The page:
An overweight B.C. man has been awarded $2,000 in damages for "injury to his dignity, feelings and self-respect" after he lost out on work as a construction flagger because he was too fat.

Kevin Johnson, now 21, filed a complaint with the B.C. Human Rights Tribunal against D & B Traffic Control and his supervisor Diane Steenson after she told him that he was not being called to work because his weight limited how long he could stand.

Johnson began working for D & B in 2008, when he was 19. He said that he had trouble with his weight when he was hired -- a problem that has only gotten worse since then.

In the spring of last year -- his second season on call with the traffic company -- Johnson's roommate was called to work on a job located within three blocks of his home.

No one called Johnson to ask him to work.

When he called Steenson to ask why he had not been offered a shift, she told him that because of his weight, "it would be too hard on him to work a long shift as he could not stand that long," according to tribunal documents.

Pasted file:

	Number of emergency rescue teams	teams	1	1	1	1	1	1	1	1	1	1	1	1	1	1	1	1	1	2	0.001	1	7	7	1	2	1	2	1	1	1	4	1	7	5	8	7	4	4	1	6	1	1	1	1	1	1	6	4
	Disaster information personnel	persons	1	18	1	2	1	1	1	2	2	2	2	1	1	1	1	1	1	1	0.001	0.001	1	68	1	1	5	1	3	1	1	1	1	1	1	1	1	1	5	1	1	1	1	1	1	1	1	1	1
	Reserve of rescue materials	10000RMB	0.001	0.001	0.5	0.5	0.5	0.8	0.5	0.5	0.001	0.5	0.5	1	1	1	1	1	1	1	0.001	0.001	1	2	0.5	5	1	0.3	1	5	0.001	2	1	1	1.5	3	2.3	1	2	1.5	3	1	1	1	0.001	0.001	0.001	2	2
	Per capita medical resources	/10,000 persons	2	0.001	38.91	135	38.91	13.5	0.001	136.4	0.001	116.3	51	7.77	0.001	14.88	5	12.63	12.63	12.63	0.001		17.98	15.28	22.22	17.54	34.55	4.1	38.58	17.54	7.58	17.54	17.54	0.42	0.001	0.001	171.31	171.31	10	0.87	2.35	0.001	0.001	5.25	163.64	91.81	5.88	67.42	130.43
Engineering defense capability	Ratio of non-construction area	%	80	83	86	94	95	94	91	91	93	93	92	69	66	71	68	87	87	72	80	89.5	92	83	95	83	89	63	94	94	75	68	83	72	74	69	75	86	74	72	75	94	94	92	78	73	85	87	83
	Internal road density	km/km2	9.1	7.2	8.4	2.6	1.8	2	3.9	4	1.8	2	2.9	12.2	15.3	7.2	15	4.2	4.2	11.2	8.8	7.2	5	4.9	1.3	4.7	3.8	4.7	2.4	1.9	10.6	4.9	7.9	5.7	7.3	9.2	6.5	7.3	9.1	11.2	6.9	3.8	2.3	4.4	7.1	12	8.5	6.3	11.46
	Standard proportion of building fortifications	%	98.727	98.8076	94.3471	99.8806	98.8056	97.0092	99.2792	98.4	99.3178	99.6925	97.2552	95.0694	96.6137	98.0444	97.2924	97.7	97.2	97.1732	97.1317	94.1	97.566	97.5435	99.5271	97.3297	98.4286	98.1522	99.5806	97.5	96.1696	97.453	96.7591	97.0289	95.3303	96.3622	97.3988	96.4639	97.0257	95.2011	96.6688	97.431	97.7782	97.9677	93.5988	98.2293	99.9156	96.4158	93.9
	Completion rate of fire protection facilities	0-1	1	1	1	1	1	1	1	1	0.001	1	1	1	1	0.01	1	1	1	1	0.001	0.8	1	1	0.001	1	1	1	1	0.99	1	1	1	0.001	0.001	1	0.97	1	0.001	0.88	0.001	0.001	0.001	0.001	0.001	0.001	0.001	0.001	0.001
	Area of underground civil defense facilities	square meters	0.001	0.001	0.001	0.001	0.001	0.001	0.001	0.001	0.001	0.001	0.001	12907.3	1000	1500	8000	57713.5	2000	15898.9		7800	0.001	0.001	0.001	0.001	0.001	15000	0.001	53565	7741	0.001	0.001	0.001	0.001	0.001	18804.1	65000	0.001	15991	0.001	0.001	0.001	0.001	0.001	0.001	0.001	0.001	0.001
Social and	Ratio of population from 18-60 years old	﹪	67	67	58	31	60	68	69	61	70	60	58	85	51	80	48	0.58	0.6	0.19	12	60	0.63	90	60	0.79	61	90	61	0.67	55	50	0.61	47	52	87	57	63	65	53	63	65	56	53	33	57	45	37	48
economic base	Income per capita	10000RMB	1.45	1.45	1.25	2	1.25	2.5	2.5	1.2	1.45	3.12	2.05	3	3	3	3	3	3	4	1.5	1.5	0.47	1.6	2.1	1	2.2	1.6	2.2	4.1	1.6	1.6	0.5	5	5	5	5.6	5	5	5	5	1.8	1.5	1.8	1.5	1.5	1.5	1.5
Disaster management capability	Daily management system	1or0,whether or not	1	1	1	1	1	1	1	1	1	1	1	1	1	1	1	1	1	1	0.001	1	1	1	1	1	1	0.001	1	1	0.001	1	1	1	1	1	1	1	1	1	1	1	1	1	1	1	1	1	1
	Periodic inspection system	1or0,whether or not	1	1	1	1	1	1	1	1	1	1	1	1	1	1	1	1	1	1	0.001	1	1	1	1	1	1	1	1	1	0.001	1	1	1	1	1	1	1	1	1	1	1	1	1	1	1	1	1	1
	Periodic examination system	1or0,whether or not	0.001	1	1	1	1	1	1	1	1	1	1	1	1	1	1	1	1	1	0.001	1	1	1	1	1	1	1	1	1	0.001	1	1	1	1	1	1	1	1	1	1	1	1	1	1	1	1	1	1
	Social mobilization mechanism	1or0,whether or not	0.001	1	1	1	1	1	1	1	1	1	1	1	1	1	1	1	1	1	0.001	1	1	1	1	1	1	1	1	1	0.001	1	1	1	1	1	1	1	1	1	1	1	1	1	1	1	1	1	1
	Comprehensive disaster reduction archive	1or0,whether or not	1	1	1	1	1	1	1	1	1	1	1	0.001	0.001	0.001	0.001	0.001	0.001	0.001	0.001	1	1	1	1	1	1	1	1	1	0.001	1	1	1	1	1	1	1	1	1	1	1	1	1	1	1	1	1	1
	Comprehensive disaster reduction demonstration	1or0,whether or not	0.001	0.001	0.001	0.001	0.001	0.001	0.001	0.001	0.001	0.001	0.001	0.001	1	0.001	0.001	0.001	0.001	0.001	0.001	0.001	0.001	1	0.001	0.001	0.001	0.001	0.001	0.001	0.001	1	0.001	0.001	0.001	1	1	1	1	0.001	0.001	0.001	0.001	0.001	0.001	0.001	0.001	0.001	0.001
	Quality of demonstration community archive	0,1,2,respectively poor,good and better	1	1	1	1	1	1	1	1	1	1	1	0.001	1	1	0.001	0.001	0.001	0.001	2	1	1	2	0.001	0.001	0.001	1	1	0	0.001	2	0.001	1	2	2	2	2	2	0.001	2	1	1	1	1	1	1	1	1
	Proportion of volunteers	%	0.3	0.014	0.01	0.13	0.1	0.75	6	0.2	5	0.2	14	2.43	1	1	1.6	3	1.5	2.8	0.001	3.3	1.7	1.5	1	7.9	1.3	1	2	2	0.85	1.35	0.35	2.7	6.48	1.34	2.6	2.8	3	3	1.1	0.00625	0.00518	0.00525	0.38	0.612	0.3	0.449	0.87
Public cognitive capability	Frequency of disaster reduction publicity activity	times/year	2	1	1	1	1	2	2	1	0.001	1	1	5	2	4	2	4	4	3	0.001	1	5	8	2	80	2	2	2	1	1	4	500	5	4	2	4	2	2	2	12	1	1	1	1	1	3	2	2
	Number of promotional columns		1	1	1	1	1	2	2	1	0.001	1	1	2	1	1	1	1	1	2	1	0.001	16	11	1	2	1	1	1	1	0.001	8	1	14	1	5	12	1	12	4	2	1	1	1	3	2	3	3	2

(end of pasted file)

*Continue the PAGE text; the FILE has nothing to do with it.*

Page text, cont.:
That statement had a lasting impact on Johnson, tribunal member Enid Marion wrote in her decision, issued Wednesday.

"Given the context in which the comment was made, it was serious, insensitive and understandably hurt his feelings."

During the hearing, Steenson said that after she had made that comment, she apologized and changed her story, telling Johnson that the contractor behind the construction job did not want him working for them.

"She said she was trying to protect him as she is a compassionate person," Marion wrote.

Despite that attempt to protect his feelings, Johnson said in his hearing that he didn't believe Steenson and was deeply hurt.

"He described feeling depressed and not wanting to leave his home for a lengthy period of time," Marion wrote.

The tribunal found that while Johnson didn't provide evidence that he was heavy enough to be technically considered disabled, his bosses at D & B perceived his weight as a disability.

"[Steenson's] perception of Mr. Johnson's disability was at least a factor in the decision not to offer him work," Marion wrote.

She went on to say that Steenson didn't intend to discriminate against Johnson, but "it is the effect of her conduct, and not her intention, that is relevant to the finding of discrimination."

Marion ruled that although Steenson apologized immediately, her comment damaged Johnson's self esteem, and ordered D & B to compensate him.